• Grand Teton National Park
Hitchhiking shall be permitted EXCEPT: Within two tenths of a mile of an Entrance Station, Within 200 feet of a park service office building or visitor center, while holding a sign that is larger than 2'x2' in size.
Experiences
Wyoming is not a terrible place to hitchhike. Highway 89 along the western edge of Wyoming and highway 212 running northeast from Yellowstone National Park have some of the most spectacular scenery I have seen anywhere, although the majority of the state is rolling brown hills. My average wait times for rides was between 20 minutes and 1.5 hours which seems to be about the national average if not slightly better.Thewindandrain (talk) 01:12, 2 October 2012 (CEST)
I hitchhiked across Wyoming twice and ran into crazy natives with guns, a dentist who kidnapped me for the better part of a week and showed me all around and only one cop who told me that hitchhiking is illegal (after he and his colleagues had passed me at least four times already. I told him I was just hanging out and then continued, nothing happened. State troopers never paid any attention to me, though I made sure not to show them my thumb. Beautiful scenery, everybody who picked me up was super nice. --Zenit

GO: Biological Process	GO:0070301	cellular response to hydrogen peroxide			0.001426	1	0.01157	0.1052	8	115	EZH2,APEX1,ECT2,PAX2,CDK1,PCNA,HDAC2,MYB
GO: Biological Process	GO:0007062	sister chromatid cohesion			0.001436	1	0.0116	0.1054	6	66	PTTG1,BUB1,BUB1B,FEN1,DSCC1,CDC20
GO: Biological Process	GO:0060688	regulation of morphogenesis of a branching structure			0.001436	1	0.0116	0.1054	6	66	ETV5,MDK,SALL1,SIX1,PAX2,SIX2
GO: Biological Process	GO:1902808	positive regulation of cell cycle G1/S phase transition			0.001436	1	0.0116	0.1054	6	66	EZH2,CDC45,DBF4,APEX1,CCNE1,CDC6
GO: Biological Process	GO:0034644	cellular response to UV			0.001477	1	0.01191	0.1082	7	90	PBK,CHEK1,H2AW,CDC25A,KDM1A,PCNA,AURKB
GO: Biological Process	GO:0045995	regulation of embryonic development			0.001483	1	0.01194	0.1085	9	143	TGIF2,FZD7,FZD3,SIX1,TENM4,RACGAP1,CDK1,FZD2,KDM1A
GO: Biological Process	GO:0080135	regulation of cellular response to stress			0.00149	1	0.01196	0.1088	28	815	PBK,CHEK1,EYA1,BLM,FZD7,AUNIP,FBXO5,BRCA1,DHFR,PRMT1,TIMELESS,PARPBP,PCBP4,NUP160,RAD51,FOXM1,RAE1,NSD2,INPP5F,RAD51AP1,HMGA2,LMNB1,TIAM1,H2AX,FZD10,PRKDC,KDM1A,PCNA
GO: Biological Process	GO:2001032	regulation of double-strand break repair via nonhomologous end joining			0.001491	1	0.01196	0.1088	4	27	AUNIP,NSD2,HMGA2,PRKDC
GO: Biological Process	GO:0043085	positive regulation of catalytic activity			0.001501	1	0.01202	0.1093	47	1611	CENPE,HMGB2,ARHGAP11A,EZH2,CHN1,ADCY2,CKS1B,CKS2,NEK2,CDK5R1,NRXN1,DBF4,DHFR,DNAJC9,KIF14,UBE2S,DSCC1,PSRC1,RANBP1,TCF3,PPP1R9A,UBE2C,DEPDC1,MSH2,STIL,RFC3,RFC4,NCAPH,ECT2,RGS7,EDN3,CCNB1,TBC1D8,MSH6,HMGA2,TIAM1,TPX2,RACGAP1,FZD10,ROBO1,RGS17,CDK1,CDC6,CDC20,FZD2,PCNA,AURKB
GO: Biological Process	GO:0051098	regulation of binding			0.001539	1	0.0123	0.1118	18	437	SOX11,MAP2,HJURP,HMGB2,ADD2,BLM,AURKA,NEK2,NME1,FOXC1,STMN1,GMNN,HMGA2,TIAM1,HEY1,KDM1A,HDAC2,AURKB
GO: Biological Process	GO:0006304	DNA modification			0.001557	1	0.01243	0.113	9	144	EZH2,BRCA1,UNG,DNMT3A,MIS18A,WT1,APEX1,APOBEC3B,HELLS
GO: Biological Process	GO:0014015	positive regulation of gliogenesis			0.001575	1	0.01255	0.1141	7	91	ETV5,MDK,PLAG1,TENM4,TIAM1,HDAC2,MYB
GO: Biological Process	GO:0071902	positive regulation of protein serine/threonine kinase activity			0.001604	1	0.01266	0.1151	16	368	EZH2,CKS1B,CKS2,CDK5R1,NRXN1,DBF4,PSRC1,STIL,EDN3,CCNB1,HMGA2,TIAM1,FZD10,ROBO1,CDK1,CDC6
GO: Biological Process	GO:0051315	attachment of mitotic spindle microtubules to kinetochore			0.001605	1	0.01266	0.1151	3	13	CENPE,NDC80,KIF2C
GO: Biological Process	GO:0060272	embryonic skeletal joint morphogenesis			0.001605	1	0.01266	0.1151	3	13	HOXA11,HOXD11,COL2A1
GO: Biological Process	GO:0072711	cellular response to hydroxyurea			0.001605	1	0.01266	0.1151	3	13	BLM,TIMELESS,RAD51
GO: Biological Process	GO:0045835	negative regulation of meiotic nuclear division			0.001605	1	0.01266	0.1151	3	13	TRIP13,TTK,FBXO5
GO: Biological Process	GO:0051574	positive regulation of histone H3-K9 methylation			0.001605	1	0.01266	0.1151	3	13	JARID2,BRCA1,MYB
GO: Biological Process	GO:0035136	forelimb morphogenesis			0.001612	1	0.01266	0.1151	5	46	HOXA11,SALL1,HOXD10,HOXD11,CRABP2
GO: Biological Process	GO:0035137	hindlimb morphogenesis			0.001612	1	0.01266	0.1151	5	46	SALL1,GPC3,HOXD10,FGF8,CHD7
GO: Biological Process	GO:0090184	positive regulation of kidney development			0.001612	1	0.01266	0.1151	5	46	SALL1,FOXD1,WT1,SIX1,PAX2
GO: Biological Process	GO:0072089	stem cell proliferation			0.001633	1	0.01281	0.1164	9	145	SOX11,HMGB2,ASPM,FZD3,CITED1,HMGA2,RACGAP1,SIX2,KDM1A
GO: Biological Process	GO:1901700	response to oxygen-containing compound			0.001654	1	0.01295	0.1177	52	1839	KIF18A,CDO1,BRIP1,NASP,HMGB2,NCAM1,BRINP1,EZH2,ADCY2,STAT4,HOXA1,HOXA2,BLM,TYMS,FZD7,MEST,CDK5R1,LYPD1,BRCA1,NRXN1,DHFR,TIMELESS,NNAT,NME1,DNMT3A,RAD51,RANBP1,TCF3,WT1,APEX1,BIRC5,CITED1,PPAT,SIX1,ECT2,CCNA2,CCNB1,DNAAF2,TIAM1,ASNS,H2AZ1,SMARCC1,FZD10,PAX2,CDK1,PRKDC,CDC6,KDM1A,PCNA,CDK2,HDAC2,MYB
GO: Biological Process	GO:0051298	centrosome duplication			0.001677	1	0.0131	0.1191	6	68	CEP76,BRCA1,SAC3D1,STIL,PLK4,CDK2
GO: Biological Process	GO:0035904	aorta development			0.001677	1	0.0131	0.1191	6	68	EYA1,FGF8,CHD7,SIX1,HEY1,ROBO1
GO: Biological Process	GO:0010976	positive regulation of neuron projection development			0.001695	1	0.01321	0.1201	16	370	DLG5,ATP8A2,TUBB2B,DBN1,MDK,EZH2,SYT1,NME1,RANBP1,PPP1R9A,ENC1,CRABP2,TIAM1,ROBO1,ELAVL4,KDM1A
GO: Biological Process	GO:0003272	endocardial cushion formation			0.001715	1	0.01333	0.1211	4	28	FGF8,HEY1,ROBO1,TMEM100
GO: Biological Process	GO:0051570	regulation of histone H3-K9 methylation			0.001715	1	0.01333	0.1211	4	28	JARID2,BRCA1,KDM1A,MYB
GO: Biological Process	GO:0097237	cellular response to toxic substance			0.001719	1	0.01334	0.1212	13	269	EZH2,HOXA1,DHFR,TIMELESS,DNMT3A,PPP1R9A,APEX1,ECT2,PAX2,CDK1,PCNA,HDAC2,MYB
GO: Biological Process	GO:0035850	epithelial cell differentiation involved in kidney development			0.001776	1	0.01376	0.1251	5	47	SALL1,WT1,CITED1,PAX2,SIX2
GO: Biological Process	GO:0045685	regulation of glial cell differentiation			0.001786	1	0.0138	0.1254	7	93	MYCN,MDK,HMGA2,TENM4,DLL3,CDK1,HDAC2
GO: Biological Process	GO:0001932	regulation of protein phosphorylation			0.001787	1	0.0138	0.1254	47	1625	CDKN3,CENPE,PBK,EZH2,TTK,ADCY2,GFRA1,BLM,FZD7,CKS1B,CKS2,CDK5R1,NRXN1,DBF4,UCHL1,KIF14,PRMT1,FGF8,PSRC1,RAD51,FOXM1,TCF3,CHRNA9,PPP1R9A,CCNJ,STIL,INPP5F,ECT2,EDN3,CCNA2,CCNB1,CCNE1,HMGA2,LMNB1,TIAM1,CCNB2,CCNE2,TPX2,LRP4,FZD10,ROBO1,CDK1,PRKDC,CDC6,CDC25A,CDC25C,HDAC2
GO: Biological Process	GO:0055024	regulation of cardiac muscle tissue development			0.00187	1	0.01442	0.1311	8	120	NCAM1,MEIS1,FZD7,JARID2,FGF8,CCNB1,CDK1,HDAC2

While hitching on 25, a buddy and I got stopped twice by state troopers. The first was a pretty nice guy who ran our ID's to check for warrants, and when they came back clean, he told us that since hitching was our only mode of transportation, he'd let us go. About an hour later, another statey stopped us and was a bit more serious. If we hadn't already been given the go-ahead by the previous trooper, we just might have had to stay the night in jail.
Geez Wyoming is beautiful. Geeeez. I was on Greyhound and the bus broke down in the middle of noooowhere, middle of the night, we couldn't see anything but stars. The electricity was out so we had no lights, the truckers might have hit us, so they wouldn't let anyone off for cigarettes and there was practically a riot. At dawn we got off into the cooold Wyoming morning and saw how beautiful the canyons to either side of us were. A small group of us walked up the highway and found a raaaaandom stand, in the middle of NOWHERE, sellin fireworks and coffee for twenty five cents. Me and this stoner kid decided not to wait for the back-up bus and hitchhiked through. No problemos, just beautiful Wyoming. I could hardly keep myself together I was so happy to be alive.

Wyoming people are wonderful and helpful! We had no problems getting rides, never waited more than half an hour. One awesome guy was pretty much our personal tour guide and even paid for us to go see Devil's Tower. Lots of cops passed us and only one stopped to bitch at us that hitching was illegal. She had a realy attitude about it but didn't ask to search us, just ran our names. Walking on the interstate is legal so that's awesome. -Dizzy